And what are God’s works? God’s works are the works of a loving Father. God’s works are the works of a nurturing mother. God is love and God’s works are the works of love. We were all born to love and to be loved.

That brings us back to the room at Children’s hospital. Alice stood there, next to the bed of her friend’s daughter as the mother asked the doctor, “Why did this happen? Why was my daughter born this way?” The doctor responded, “We don’t ask that question. We just can’t know, so we ask other questions. What can we do for your daughter? How can we help her live the best life possible?”

After the doctor left, the mother turned to Alice and said, “You’re married to a minister. You’re a Christian. Can you tell me? Why was she born this way?” Alice replied, “I think the doctor has the right questions. How can we love your daughter? How is love being revealed by your daughter’s life and by your life as you care for her?”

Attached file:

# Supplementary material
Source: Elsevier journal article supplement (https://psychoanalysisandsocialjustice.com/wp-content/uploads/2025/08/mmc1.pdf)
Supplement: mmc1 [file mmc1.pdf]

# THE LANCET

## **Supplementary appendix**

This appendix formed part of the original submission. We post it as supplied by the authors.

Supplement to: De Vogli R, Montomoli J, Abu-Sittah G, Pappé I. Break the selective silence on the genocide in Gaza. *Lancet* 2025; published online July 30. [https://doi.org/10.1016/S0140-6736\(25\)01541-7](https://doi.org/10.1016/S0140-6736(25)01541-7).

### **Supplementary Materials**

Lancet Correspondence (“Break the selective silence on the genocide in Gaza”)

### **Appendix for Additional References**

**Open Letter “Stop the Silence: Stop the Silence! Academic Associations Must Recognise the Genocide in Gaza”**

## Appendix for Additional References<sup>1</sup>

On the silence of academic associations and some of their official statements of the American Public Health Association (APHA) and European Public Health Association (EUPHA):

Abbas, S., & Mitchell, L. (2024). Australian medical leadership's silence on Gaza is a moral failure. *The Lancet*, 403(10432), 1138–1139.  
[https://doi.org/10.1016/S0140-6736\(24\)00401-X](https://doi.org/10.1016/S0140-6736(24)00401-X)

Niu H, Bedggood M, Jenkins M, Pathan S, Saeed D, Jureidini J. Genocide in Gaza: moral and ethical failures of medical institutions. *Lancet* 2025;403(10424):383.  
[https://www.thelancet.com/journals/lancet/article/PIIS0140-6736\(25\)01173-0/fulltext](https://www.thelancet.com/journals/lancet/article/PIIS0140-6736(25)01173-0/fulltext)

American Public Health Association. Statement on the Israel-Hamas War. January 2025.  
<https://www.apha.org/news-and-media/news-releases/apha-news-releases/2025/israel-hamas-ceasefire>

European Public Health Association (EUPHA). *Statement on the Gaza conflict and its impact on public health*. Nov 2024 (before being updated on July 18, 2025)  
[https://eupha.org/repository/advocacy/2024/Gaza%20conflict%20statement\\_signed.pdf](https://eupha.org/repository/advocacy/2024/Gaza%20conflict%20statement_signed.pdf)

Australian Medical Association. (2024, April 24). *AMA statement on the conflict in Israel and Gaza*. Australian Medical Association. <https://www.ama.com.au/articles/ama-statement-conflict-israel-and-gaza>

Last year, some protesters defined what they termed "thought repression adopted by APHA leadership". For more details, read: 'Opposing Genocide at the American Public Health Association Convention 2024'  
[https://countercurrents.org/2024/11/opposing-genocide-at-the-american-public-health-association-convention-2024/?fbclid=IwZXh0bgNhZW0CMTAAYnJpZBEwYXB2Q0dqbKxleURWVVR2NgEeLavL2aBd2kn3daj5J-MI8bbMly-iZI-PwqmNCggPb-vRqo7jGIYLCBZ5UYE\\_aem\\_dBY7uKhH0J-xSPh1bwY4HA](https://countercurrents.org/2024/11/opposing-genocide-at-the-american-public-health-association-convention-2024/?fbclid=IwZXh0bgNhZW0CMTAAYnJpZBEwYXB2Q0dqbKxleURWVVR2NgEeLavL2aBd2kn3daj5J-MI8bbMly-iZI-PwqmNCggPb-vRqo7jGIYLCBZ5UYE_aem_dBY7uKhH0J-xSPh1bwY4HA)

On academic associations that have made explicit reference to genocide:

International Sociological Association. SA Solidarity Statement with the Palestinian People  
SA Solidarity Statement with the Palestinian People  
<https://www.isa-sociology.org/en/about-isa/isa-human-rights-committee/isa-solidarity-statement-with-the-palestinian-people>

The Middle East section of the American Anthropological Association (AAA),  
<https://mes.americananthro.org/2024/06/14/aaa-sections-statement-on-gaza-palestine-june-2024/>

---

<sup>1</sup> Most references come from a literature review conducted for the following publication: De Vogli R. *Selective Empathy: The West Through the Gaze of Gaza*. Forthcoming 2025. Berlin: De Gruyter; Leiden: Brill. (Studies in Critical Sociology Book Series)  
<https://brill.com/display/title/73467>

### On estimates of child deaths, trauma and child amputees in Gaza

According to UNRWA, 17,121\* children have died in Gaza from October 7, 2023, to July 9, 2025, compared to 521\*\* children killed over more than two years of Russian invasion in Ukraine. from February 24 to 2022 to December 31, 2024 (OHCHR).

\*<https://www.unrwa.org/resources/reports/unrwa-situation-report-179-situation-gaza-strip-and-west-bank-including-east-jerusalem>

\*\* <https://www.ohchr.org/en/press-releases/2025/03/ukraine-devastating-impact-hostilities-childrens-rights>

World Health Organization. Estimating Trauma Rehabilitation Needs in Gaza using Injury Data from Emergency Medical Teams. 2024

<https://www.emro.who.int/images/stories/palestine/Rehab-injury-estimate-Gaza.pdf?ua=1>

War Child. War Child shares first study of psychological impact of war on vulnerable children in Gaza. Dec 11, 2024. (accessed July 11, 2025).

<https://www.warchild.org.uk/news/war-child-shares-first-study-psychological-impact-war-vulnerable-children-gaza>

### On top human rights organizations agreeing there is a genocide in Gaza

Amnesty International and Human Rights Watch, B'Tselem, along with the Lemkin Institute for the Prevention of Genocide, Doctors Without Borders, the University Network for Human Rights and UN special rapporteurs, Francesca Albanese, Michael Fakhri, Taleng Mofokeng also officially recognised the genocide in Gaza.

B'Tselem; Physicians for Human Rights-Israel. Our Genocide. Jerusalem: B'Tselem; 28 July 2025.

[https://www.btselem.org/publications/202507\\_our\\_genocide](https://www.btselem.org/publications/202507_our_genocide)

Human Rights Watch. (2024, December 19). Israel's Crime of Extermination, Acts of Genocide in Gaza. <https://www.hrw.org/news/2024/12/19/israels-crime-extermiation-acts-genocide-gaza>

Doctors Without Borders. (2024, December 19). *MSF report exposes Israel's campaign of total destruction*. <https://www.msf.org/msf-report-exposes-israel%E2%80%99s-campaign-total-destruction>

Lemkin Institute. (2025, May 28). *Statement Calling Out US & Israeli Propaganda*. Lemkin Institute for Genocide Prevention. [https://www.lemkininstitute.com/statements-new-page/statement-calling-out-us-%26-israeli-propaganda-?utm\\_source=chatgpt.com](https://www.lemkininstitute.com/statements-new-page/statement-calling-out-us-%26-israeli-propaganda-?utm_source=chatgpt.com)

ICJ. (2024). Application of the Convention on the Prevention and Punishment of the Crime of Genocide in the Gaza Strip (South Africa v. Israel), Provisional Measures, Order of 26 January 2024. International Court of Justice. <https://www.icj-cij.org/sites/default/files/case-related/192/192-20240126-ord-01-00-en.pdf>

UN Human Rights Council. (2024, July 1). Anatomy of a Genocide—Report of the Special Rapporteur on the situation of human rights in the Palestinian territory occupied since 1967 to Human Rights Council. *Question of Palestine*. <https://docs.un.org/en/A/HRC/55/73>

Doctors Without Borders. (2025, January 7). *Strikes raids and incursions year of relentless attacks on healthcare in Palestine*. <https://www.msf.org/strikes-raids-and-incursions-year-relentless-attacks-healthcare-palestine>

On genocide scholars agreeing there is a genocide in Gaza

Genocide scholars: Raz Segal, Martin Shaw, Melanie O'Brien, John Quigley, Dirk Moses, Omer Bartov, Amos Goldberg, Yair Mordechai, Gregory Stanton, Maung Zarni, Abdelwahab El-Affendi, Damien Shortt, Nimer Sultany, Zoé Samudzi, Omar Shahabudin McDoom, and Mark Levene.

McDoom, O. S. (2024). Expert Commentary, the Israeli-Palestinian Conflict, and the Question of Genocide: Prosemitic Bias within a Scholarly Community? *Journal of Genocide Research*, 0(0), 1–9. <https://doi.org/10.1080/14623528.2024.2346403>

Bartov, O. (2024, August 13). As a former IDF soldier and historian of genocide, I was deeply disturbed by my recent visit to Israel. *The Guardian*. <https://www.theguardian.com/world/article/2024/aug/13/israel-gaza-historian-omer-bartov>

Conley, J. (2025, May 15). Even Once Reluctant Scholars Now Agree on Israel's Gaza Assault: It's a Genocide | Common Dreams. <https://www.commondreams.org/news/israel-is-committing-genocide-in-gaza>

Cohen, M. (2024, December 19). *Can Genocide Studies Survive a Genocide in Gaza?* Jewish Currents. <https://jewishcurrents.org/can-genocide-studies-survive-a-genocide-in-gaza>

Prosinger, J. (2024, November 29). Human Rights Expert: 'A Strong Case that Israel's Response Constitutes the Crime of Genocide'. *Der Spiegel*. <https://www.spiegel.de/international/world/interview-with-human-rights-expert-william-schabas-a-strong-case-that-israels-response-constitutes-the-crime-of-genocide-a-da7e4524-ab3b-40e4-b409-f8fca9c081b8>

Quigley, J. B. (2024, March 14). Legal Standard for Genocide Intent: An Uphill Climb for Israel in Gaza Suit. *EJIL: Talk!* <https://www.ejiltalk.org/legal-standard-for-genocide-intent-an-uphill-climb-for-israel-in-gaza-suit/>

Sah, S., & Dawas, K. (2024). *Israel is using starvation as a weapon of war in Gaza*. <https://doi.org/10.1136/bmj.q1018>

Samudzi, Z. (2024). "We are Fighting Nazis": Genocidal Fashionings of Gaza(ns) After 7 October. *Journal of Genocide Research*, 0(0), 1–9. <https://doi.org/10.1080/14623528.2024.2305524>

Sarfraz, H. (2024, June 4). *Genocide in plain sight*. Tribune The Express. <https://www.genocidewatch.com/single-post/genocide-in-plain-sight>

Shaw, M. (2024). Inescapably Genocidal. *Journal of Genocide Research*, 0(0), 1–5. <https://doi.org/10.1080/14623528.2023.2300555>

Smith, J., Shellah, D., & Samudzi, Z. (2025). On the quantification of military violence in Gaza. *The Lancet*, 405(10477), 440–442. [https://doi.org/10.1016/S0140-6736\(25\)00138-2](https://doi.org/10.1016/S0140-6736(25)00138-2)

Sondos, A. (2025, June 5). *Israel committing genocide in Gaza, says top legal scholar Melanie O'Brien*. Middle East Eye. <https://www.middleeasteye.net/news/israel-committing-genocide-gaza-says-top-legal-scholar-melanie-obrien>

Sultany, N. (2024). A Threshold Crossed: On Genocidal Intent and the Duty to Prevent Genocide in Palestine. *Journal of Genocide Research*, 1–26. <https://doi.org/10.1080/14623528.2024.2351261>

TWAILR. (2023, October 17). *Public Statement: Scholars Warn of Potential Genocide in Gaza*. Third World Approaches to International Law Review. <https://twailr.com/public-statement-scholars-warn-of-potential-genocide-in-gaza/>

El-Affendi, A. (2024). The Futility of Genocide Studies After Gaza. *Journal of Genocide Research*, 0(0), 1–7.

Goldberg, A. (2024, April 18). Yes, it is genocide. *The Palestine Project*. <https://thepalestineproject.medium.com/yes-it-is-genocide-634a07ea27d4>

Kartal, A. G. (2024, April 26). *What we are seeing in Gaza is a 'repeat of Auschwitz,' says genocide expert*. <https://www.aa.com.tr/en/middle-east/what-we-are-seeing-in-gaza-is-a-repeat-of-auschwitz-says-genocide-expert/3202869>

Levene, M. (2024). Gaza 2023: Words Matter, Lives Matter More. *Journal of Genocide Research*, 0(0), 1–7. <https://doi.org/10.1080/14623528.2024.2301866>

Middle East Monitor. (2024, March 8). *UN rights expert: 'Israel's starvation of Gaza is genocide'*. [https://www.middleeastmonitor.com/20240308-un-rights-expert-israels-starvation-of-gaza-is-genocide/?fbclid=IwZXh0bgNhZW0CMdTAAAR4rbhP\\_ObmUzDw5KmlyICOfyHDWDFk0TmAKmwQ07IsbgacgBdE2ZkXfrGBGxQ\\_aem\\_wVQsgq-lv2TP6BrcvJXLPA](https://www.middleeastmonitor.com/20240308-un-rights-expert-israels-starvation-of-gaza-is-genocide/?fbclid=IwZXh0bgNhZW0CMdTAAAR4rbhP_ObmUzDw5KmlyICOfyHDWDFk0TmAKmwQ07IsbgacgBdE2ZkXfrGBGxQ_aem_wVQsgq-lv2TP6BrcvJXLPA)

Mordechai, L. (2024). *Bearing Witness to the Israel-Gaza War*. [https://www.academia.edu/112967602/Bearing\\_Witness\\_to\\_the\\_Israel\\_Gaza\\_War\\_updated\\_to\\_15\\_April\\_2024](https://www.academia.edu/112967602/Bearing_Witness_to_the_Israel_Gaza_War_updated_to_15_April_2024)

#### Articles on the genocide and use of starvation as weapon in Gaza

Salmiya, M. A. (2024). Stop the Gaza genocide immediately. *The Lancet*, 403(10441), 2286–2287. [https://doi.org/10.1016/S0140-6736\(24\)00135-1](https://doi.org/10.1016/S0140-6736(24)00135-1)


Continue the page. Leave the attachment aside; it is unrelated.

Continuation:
Yes, God created the universe. God created all that is, seen and unseen, so that love could be given and received. God created a universe where cancer strikes down the people we love, where little girls are born with incomplete brains, and where earthquakes and tsunamis kill scores of people.

Like the doctor said, “We don’t ask why, because we can’t know. We cannot grasp the greater meanings and purposes of creation. We can ask how. How are God’s works being revealed? How can we love and be loved?